In 1853, however, Mr. Hoopes decided to see what lay beyond, and accordingly disposed of his interest in the Buckeye State, and after residing for a year in Marion Village came here to buy, moving here with his family in 1855. There were then but few settlers in Grant Township, this county, and frequently the traveler would go from fifty to 100 miles without passing a farm, a large proportion of the land still belonging to the Government. Mr. Hoopes at once bought of W. I. Allen 180 acres, upon which he established a homestead, and was uniformly successful in his labors as an agriculturist and stock-raiser. He later purchased additional land, and in due time became the owner of 7,413 acres; besides this he sold several thousand acres at different times. The first house which he put up was a frame structure of fair proportions, located at the top of a hill on the old "Chicago Road," lying north of the present site of town. He occupied this with his family for a number of years, and added other buildings as time passed on. He still continued sheep-raising, and frequently pastured large droves of cattle for other men. From the first he made it a rule to keep out of debt, live within his income, and meet his obligations as they became due. Mr. Hoopes, in 1863, disposed of his flocks of sheep on account of the difficulty in getting help to look after them, and at the same time laid aside many of the cares which had been his for many years. Since that time he has taken life more easily. On the 4th of July, 1871, the track of what is now the Danville and Vincennes Railroad was laid across what is now Main St., and the year following the Lake Erie & Western began running its trains. Mr. Hoopes always a man of wise forethought, judged that here would be a good site for a town, and accordingly commenced laying out a portion of his farm in town lots. He did not undertake town-making, but laid out his land after it had been started. Thereafter he engaged in selling these lots and looking after the interest of the embryo village. The town was named Hoopeston by one of the prospectors of a railroad. Mr. Hoopes afterward sold 1,000 acres to the firm of Snell & Taylor, who had a part of the land platted, and sold town lots. In 1873 Mr. Hoopes purchased a house a short distance west of that which he now occupies, and moved into it, occupying it until 1882, when he erected his present residence. In connection with his dealings in real estate, he still continued the general supervision of his farm, but employed agents to carry on the work. In the fall o 1874 he started for the Pacific Slope, arriving in California October 28, and sojourned there until the 27th of March, 1875. In the meantime he traveled over a large portion of the country with his wife, the latter being in delicate health.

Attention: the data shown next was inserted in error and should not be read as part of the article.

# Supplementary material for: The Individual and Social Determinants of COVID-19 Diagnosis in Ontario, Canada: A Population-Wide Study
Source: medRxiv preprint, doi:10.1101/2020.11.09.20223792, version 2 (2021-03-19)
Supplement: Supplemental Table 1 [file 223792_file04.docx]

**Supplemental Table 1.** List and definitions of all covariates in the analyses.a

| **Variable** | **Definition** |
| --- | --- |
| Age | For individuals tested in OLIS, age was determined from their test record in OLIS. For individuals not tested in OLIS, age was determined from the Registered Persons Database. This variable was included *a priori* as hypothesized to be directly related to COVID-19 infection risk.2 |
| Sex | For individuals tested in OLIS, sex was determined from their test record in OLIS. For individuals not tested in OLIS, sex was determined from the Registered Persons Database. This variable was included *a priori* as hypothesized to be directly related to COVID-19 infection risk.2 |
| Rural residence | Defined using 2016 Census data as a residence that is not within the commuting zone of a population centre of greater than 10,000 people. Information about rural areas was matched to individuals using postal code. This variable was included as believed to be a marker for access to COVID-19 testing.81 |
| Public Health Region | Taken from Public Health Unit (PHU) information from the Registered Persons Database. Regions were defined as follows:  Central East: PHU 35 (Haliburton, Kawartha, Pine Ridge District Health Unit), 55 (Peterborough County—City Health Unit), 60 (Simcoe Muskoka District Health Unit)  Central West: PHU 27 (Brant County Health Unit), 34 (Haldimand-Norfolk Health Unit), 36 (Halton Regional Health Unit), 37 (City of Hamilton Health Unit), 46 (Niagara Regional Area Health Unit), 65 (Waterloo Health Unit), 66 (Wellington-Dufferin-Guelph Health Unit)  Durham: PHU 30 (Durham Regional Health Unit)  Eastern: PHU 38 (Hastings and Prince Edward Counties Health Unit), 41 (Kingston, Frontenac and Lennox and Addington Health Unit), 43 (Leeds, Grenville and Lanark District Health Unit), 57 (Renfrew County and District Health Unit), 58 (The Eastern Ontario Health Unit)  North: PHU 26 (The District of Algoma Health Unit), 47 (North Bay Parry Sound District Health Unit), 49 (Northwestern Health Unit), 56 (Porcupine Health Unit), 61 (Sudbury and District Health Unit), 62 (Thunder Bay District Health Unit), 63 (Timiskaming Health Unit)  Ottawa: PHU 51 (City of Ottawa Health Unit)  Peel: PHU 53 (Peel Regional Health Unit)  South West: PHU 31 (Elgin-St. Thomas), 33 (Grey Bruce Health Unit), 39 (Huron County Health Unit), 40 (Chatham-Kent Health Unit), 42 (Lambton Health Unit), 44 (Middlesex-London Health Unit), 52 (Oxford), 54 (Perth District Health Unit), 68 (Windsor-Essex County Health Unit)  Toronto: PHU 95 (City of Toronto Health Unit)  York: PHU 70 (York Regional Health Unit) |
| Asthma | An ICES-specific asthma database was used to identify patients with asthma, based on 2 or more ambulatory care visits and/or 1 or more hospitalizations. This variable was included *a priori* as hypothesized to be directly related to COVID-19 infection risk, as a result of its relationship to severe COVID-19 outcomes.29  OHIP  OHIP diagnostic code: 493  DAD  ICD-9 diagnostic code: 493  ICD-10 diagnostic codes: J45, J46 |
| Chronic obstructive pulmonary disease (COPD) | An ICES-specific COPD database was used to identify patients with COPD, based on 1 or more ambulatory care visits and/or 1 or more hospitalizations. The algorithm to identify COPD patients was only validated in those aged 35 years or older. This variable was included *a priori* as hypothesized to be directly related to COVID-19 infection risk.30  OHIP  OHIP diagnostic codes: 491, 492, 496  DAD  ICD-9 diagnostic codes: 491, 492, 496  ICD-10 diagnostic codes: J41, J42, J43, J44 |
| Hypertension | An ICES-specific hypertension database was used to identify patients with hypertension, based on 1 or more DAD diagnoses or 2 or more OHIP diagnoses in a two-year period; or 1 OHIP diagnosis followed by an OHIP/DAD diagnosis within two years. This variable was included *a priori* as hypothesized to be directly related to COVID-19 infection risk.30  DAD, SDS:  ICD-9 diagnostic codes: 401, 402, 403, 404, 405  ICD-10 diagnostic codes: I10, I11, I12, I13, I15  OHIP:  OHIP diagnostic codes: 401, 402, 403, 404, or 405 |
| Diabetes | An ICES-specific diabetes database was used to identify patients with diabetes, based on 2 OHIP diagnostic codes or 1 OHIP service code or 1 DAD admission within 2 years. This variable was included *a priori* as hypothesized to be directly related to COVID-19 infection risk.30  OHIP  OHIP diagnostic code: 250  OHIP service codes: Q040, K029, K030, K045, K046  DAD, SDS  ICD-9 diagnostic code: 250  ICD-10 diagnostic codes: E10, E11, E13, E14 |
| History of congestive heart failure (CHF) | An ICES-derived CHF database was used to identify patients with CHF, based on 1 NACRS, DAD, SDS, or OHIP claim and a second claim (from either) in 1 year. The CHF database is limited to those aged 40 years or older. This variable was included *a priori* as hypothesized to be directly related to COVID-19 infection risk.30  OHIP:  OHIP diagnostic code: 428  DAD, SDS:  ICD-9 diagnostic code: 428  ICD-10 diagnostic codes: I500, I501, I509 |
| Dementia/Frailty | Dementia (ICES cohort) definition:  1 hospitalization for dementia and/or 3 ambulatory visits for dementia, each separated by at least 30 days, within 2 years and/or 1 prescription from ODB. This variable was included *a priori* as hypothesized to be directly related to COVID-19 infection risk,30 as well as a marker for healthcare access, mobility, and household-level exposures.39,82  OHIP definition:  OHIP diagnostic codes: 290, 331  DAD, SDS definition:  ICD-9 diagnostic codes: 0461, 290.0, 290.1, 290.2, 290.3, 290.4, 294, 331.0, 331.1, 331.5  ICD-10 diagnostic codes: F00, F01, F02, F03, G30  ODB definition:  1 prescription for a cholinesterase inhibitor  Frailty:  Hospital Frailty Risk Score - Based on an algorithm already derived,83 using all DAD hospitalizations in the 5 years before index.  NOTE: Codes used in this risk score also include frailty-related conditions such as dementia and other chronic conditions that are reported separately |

Mr. Hoopes cast his first vote in 1828 for a defeated candidate being then identified with the old Whig party, but upon its abandonment cordially endorsed the Republican party, whom he has since for the most part given his support. In local affairs however, he is not bound by party ties, but aims to support the man best qualified for the office. During his long residence in this county, he has pursued that upright and honorable course which has gained him the confidence and esteem of his fellow-citizens, striving always to be not only just, but also generous as he has had opportunity.
Mrs. Anna (Gray) Hoopes was born in Harrison County, Ohio, July 25, 1810, and was the daughter of Thomas and Hannah (Eckley) Gray, who spent their last years in Fulton County, Ill. To our subject and his estimable wife there were born no children. Mrs. Hoopes departed this life on the 29th of April 1886, greatly mourned by her husband, and regretted by all who know her. She was a devoted wife, a lady possessing all the Christian virtues, and who was the uniform and efficient helper of her husband during his toils and struggles, and his cheerful, faithful companion amid the hardships and difficulties which they encountered. Her name is held in kindly remembrance by all who knew her.
Nathan Hoopes, the father of our subject was born in Chester County, Pa., May 5, 1765, and was the son of Daniel A. Hoopes, a native of the same county. He lived there until reaching mans estate, and was married to Miss Elizabeth Gardner. Soon afterward they removed to Ohio, and settled in the woods of what was then Jefferson County, about seven miles from where the town of Mount Pleasant grew up. He put up a cabin and began felling trees, and preparing a portion of the soil for cultivation. His first property consisted of only thirty acres, and at this little homestead occurred the birth of his son Thomas.
Later the father of our subject disposed of this property, and purchased 160 acres of land, where he opened up a good farm, and upon which he spent his last days, passing away in the spring of 1828. The household circle was completed by the birth of seven children, six of whom lived to years of maturity, namely: James and Joseph, who were residence of Morgan County, Ohio, until their death; Sarah, Mrs. Nathan Williams of Harrison County, Ohio; Thomas, our subject; Ann, the widow of George W. Scott, living in Camp Chase; and Mary, Mrs. W. Spurier, who died in Harrison County, whiter she returned from Morgan County. The mother survived her husband only six years, her death taking place at the old homestead on May 12, 1834. She was a member and minister of the Society of Friends. Mr. Hoopes, our subject is not a member of any society.
Mr. Hoopes owns large tracts of land, also buys any tract a young, but honest and industrious man may desire, lets him have it and pay a very low rate of interest, instead rent, and avoids double taxation; thus helping many young me to start, simply for the purpose of doing what good he can if he is proud of anything, it is of that, to be considered a philanthropist.
From The Early Pioneers of Vermilion Co.
(Contributed by Mary Paulius)